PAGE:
Similarly, around 1982, Bruce Nickerson, then at Oakland Children's Hospital, analyzed California SIDS rates before and after 1980. Home monitoring was not generally available in our state before 1980, but flourished after that. There was a decrease, and he again speculated that the drop might be due to home monitoring. Subsequently, it was found that the Pathologist performing the majority of SIDS autopsies in Los Angeles County (about one-third of California SIDS deaths) had changed, and that she used different criteria to make the diagnosis. I think we now believe that the "drop" in California SIDS rate around 1980 was due to a change in diagnosis.

Aside from this, SIDS rates do not seem to have fallen in temporal association with home monitoring programs. Thus, this information is generally thought to support the concept that home monitoring has not reduced the SIDS rate in places where it is used.

I hope this helps. Thank you.

Tom Keens
Children's Hospital Los Angeles

Unfortunately, normal pneumograms are not predictive of SIDS. We have no test that reliably predicts which infants will die of SIDS. That is why our Infant Apnea Center does not test SIDS siblings. If we do a pneumogram test and it is normal, it does not mean that the baby is therefore "safe" and will not die of SIDS. Even recording monitors are not predictive of who will die. They have been shown to be more predictive than pneumograms for which preterm infants will continue to have events at home. But this may be because of the duration of these 2 tests (the pneumogram is <24 hours continuous recording of heart rate and respirations and the apnea monitor event recorder was used for 1 week recording a+b events).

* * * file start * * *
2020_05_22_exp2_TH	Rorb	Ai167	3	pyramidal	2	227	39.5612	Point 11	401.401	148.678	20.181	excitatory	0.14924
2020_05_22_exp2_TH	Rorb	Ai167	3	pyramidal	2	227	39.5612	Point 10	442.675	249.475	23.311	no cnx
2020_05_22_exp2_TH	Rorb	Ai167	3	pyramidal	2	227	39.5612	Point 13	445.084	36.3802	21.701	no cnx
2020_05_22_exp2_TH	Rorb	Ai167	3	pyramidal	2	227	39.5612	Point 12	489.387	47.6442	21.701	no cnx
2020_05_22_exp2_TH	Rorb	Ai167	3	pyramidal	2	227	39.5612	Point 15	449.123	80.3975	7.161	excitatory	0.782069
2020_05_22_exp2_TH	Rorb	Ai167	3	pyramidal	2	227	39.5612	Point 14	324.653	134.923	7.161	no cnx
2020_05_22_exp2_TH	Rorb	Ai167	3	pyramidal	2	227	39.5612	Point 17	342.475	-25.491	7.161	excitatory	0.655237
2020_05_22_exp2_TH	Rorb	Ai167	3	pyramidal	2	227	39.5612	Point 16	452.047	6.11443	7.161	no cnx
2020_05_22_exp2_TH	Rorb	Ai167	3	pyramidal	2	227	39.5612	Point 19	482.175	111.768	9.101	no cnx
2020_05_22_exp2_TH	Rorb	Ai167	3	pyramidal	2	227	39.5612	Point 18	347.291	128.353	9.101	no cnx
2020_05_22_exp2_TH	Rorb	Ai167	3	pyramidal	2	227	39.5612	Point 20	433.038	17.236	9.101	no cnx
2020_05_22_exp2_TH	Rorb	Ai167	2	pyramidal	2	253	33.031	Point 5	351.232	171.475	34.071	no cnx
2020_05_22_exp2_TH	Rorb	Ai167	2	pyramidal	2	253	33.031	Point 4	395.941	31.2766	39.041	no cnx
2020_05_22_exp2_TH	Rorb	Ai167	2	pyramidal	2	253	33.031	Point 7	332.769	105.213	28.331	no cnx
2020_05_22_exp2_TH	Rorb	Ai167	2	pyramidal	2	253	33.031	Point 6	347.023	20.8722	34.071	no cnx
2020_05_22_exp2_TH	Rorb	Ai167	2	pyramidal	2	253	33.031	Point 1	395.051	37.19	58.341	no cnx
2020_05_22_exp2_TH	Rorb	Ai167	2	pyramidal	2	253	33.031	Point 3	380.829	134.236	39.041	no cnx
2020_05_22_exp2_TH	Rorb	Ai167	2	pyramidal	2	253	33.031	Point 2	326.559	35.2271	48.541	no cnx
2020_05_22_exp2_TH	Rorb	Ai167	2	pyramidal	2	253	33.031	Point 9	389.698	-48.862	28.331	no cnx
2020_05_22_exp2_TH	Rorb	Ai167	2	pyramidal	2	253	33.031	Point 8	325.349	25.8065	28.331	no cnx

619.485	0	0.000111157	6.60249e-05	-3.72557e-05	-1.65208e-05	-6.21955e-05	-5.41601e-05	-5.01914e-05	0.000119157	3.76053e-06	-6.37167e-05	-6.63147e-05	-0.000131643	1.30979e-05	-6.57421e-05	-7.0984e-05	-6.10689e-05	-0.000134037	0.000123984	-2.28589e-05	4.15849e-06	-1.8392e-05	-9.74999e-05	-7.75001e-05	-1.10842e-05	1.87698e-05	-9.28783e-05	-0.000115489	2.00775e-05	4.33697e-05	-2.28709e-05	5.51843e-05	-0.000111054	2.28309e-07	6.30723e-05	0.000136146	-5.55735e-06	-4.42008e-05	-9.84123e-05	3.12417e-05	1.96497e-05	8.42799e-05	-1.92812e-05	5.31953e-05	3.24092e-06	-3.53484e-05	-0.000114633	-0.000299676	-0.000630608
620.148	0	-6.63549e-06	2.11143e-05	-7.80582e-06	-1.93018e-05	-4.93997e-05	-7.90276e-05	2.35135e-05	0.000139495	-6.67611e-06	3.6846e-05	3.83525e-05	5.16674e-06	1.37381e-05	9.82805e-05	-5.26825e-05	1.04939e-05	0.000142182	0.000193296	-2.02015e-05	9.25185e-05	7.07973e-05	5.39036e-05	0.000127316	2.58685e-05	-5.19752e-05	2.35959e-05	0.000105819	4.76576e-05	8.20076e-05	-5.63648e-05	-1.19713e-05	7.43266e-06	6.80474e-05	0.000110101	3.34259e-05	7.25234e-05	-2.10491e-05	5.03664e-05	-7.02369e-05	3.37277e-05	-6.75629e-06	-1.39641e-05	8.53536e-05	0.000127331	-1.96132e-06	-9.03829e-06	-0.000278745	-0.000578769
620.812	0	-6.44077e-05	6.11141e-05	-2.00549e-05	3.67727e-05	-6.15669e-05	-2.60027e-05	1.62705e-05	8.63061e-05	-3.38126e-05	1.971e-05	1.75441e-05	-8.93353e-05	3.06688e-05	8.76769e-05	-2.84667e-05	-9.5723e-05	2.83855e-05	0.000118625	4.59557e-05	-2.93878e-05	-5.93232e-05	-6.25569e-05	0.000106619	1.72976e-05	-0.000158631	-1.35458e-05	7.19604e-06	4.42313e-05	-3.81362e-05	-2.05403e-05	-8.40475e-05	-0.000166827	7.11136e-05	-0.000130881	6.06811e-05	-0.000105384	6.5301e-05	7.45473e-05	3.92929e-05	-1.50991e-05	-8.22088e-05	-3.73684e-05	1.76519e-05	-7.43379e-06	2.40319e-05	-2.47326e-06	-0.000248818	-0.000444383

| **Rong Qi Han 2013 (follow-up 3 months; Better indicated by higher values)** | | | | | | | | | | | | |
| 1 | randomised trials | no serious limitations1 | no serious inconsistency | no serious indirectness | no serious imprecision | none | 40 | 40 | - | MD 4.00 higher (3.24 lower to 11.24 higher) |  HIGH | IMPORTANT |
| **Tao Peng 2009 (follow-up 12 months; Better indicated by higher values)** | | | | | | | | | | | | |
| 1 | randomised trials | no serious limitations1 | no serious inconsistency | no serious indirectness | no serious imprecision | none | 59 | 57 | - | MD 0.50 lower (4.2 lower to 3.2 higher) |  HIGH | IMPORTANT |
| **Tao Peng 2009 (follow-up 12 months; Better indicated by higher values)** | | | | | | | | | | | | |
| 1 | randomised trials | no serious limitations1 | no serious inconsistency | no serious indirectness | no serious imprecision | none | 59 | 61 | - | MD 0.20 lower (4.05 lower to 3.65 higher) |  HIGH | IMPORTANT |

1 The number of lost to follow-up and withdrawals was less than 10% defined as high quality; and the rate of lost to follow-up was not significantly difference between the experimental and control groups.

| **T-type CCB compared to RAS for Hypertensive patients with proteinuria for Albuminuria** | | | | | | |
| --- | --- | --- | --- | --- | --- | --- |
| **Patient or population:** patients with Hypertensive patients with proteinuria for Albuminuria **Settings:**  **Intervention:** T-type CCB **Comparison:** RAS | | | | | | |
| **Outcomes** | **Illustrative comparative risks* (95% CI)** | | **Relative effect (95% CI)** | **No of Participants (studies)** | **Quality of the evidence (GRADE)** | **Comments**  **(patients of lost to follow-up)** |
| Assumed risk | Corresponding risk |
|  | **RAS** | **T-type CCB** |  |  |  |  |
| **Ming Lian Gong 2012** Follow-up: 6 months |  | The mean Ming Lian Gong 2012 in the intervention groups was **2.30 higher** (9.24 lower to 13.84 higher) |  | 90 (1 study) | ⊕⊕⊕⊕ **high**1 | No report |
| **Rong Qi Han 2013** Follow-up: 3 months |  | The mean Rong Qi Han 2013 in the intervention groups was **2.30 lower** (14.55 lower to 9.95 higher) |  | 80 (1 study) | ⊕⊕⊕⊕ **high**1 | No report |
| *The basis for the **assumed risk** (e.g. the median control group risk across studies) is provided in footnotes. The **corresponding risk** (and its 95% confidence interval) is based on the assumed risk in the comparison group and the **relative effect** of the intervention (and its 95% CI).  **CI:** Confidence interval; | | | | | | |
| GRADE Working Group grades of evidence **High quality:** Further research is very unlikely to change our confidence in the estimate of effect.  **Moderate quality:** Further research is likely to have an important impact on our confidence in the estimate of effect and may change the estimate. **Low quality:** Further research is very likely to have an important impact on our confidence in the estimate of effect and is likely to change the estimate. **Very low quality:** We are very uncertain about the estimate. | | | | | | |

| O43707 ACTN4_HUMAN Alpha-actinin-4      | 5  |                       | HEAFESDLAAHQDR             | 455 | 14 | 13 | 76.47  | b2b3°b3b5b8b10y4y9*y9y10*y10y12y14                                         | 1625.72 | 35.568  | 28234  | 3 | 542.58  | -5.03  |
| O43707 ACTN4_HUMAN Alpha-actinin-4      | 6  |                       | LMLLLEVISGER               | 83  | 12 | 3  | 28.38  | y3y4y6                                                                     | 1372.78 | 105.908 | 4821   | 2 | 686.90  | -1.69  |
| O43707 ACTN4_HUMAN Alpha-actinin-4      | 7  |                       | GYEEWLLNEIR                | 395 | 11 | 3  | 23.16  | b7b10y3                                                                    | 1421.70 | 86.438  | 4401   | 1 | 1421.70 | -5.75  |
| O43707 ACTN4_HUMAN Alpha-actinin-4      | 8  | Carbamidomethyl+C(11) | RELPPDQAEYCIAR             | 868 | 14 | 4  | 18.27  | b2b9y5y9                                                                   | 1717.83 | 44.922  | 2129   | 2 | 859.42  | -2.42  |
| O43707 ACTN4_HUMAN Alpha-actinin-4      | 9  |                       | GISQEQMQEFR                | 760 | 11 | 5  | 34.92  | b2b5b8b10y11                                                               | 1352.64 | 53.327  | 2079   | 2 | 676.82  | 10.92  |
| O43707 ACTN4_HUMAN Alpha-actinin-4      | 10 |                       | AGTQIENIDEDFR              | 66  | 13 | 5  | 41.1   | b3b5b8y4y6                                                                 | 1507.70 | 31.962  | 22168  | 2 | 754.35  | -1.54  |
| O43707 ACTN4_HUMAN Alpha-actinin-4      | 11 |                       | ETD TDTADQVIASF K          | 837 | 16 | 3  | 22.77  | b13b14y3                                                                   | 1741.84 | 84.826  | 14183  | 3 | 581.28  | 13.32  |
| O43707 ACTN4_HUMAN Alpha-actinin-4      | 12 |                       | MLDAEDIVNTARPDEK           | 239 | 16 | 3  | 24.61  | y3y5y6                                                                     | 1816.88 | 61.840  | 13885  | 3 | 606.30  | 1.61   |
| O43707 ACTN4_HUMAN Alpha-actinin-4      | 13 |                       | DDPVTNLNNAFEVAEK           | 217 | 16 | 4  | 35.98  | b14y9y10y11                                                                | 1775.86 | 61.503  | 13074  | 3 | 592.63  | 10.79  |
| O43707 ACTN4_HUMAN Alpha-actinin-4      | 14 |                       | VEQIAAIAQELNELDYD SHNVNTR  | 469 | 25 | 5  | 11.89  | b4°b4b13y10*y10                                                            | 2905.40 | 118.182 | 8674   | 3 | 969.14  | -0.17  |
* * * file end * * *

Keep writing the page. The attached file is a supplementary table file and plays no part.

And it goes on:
For SIDS siblings the parents either want them monitored or do not want monitoring. We recommend no testing and will stop monitoring at around 6 months or after the anniversary age of the first infant as long as there have been no real events for 2 months (just like most centers).

We are really very limited in what we can offer SIDS siblings. Almost all our SIDS parents know about the methods recommended to decrease the risk. Apnea monitors while not shown to be preventative, will alert caregivers to a real alarm situations, beeping for apneas or bradycardias. This is not to say that many of these infants would not have come out of these events on their own. Until something better comes along (another monitor, 'cotwatch', infrared video tape, or whatever ideas you have) apnea monitors are all we have. Yes it may give parents a false sense of security as it does me !!! At this time we have nothing else to offer.

JDDeCristofaro, MD
University Medical Center
Stony Brook, NY
Infant Apnea Program

If a child truly dies of SIDS, a monitor is only going to alert me to the time of death.

This statement conveys the idea that "if a child is going to die of SIDS, nothing (including a monitor) can save him/her".

I don't think it's true. I know of no scientific evidence in support of such a statement.

Concerning monitors not being shown by studies to be 'effective' in reducing the incidence of SIDS... one could point out that "absence of evidence is not evidence of absence". That is to say, just because we have no evidence that monitoring (as practiced in this country in the past) reduced the overall incidence of SIDS, does not mean that it is not effective in some cases or that it couldn't be effective when used for the right infants. In my opinion, the reason monitors "didn't work" in the past was likely because we were monitoring the wrong infants. In other words, the indications for monitoring were wrong.